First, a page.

A notable incident unfolded in Ennis, where John Mclnerney, J.P. and chairman of Limerick Guardians, was charged with being drunk and disorderly. Mclnerney, a prominent member of the Clare County Council and well-known for his connections with the Irish Unity Movement, found himself in hot water after an altercation during the departure of the Clare Artillery from Ennis for Plymouth.
According to a police constable, Mclnerney, who was allegedly inebriated, shouted “Don’t shoot the Boers” and called for “cheers for Kruger,” likely referring to Paul Kruger, a historical figure who fought against British rule in South Africa. These comments seemed to stir up the crowd, which subsequently became disorderly. District-Inspector Rice ordered the constable and another officer to arrest the defendant, but a friend of Mclnerney intervened and escorted him to the railway station.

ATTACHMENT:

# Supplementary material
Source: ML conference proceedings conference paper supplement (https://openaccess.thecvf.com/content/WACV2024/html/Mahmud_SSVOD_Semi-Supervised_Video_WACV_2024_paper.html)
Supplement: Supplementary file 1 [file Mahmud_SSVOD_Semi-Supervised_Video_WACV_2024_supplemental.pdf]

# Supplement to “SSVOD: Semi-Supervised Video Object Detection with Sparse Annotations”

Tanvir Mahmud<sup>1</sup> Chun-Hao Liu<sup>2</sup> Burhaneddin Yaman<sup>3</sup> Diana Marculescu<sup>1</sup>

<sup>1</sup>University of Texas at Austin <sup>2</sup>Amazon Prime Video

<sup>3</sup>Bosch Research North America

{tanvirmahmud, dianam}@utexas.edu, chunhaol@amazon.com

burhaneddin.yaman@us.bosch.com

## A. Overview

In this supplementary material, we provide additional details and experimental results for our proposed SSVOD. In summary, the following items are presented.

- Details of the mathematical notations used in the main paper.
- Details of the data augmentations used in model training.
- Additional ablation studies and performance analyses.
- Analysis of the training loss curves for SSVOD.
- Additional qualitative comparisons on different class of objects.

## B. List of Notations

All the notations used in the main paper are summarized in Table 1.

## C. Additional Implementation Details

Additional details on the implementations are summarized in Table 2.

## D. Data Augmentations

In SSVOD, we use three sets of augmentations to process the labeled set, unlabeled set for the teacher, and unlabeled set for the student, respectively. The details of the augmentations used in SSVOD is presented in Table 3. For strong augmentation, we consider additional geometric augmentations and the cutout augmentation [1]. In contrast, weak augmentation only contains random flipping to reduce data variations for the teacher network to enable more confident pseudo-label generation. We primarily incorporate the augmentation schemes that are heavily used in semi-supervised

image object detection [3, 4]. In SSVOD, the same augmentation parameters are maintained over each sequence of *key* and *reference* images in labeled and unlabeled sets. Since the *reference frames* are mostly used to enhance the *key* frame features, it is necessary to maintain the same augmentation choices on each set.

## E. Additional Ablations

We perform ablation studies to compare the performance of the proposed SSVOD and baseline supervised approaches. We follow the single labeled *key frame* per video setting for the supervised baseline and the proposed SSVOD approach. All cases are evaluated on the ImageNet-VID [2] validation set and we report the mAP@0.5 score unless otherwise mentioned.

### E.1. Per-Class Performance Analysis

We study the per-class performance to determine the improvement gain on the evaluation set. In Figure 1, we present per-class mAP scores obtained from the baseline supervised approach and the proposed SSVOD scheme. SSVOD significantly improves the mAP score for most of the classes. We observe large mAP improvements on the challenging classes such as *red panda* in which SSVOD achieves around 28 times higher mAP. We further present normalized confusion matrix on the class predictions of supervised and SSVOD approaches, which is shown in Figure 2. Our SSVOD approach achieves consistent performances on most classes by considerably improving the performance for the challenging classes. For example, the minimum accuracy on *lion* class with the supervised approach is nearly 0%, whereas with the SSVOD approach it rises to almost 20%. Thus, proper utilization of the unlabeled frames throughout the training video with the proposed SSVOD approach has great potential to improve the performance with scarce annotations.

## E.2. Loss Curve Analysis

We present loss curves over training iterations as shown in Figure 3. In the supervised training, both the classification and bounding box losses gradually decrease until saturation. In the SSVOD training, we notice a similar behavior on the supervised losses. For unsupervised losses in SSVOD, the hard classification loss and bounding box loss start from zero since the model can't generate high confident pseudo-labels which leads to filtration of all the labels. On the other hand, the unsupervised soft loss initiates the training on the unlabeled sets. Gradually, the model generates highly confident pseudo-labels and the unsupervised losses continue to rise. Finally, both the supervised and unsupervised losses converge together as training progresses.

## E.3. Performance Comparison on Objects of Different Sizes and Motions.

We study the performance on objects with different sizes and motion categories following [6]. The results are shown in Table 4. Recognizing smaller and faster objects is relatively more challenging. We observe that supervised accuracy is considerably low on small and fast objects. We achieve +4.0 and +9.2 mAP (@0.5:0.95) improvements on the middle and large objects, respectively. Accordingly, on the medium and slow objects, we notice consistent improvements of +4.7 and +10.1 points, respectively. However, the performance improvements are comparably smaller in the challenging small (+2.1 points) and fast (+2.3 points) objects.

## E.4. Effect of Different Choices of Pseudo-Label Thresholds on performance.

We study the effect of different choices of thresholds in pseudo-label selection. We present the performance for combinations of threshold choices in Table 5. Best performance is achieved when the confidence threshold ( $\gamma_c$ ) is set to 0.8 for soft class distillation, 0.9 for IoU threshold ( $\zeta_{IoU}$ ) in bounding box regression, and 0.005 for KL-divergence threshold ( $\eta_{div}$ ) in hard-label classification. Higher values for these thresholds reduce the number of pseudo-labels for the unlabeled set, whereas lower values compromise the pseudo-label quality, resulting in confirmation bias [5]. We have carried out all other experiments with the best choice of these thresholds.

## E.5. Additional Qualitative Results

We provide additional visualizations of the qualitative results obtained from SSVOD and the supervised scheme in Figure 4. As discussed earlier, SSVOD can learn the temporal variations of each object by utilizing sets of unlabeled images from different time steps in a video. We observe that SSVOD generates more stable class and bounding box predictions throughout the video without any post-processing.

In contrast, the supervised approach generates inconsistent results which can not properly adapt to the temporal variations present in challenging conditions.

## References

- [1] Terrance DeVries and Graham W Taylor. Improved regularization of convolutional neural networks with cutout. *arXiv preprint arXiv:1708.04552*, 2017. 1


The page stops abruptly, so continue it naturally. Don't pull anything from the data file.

Once at the station, Mclnerney is said to have repeated his call for “cheers for Kruger.” The case was presented in court, but an interesting legal point arose when Mclnerney’s solicitor argued that the railway station’s entrance was not a public highway but rather belonged to the railway company. It seems this technicality placed the occurrence outside the jurisdiction of the public disorder charges. Consequently, the case was adjourned.
This episode demonstrates how local political figures can sometimes find themselves embroiled in controversy due to their personal beliefs and actions, especially when they are publicly vocal about contentious issues. Nonetheless, the legal framework in place provides an opportunity for the facts to be examined and justice to be served.
Nottingham Evening Post – Saturday 24 February 1900